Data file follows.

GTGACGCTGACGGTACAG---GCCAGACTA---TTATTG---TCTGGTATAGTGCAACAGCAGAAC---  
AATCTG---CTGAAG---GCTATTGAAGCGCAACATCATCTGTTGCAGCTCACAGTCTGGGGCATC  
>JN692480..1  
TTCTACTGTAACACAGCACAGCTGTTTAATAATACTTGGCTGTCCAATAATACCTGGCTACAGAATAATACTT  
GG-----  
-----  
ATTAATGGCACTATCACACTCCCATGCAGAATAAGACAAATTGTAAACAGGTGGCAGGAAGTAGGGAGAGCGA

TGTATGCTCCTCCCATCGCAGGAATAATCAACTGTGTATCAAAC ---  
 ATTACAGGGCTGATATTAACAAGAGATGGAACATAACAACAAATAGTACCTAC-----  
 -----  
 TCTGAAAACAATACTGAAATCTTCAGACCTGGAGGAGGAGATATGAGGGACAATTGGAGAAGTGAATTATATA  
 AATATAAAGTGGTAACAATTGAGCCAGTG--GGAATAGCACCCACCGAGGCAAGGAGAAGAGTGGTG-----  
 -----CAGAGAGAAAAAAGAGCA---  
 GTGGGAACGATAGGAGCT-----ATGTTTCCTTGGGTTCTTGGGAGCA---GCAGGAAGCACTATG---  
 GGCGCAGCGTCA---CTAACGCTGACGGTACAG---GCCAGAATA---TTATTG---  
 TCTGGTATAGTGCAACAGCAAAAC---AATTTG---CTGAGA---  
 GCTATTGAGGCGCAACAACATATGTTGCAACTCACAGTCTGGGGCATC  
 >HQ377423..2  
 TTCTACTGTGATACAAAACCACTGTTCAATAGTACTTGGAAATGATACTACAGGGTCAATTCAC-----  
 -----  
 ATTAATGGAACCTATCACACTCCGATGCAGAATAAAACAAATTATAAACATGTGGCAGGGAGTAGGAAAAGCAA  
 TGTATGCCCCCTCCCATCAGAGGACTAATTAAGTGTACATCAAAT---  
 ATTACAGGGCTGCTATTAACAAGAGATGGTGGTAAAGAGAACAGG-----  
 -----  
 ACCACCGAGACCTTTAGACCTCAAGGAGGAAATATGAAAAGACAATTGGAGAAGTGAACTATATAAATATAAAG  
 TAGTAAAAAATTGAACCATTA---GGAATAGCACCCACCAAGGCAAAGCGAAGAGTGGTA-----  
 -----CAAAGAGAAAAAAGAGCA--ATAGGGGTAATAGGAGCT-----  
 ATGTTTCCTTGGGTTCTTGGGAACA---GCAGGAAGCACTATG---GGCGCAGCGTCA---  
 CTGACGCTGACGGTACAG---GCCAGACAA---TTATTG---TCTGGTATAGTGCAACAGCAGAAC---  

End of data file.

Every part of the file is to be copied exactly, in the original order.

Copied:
GTGACGCTGACGGTACAG---GCCAGACTA---TTATTG---TCTGGTATAGTGCAACAGCAGAAC---  
AATCTG---CTGAAG---GCTATTGAAGCGCAACATCATCTGTTGCAGCTCACAGTCTGGGGCATC  
>JN692480..1  
TTCTACTGTAACACAGCACAGCTGTTTAATAATACTTGGCTGTCCAATAATACCTGGCTACAGAATAATACTT  
GG-----  
-----  
ATTAATGGCACTATCACACTCCCATGCAGAATAAGACAAATTGTAAACAGGTGGCAGGAAGTAGGGAGAGCGA

TGTATGCTCCTCCCATCGCAGGAATAATCAACTGTGTATCAAAC ---  
 ATTACAGGGCTGATATTAACAAGAGATGGAACATAACAACAAATAGTACCTAC-----  
 -----  
 TCTGAAAACAATACTGAAATCTTCAGACCTGGAGGAGGAGATATGAGGGACAATTGGAGAAGTGAATTATATA  
 AATATAAAGTGGTAACAATTGAGCCAGTG--GGAATAGCACCCACCGAGGCAAGGAGAAGAGTGGTG-----  
 -----CAGAGAGAAAAAAGAGCA---  
 GTGGGAACGATAGGAGCT-----ATGTTTCCTTGGGTTCTTGGGAGCA---GCAGGAAGCACTATG---  
 GGCGCAGCGTCA---CTAACGCTGACGGTACAG---GCCAGAATA---TTATTG---  
 TCTGGTATAGTGCAACAGCAAAAC---AATTTG---CTGAGA---  
 GCTATTGAGGCGCAACAACATATGTTGCAACTCACAGTCTGGGGCATC  
 >HQ377423..2  
 TTCTACTGTGATACAAAACCACTGTTCAATAGTACTTGGAAATGATACTACAGGGTCAATTCAC-----  
 -----  
 ATTAATGGAACCTATCACACTCCGATGCAGAATAAAACAAATTATAAACATGTGGCAGGGAGTAGGAAAAGCAA  
 TGTATGCCCCCTCCCATCAGAGGACTAATTAAGTGTACATCAAAT---  
 ATTACAGGGCTGCTATTAACAAGAGATGGTGGTAAAGAGAACAGG-----  
 -----  
 ACCACCGAGACCTTTAGACCTCAAGGAGGAAATATGAAAAGACAATTGGAGAAGTGAACTATATAAATATAAAG  
 TAGTAAAAAATTGAACCATTA---GGAATAGCACCCACCAAGGCAAAGCGAAGAGTGGTA-----  
 -----CAAAGAGAAAAAAGAGCA--ATAGGGGTAATAGGAGCT-----  
 ATGTTTCCTTGGGTTCTTGGGAACA---GCAGGAAGCACTATG---GGCGCAGCGTCA---  
 CTGACGCTGACGGTACAG---GCCAGACAA---TTATTG---TCTGGTATAGTGCAACAGCAGAAC---  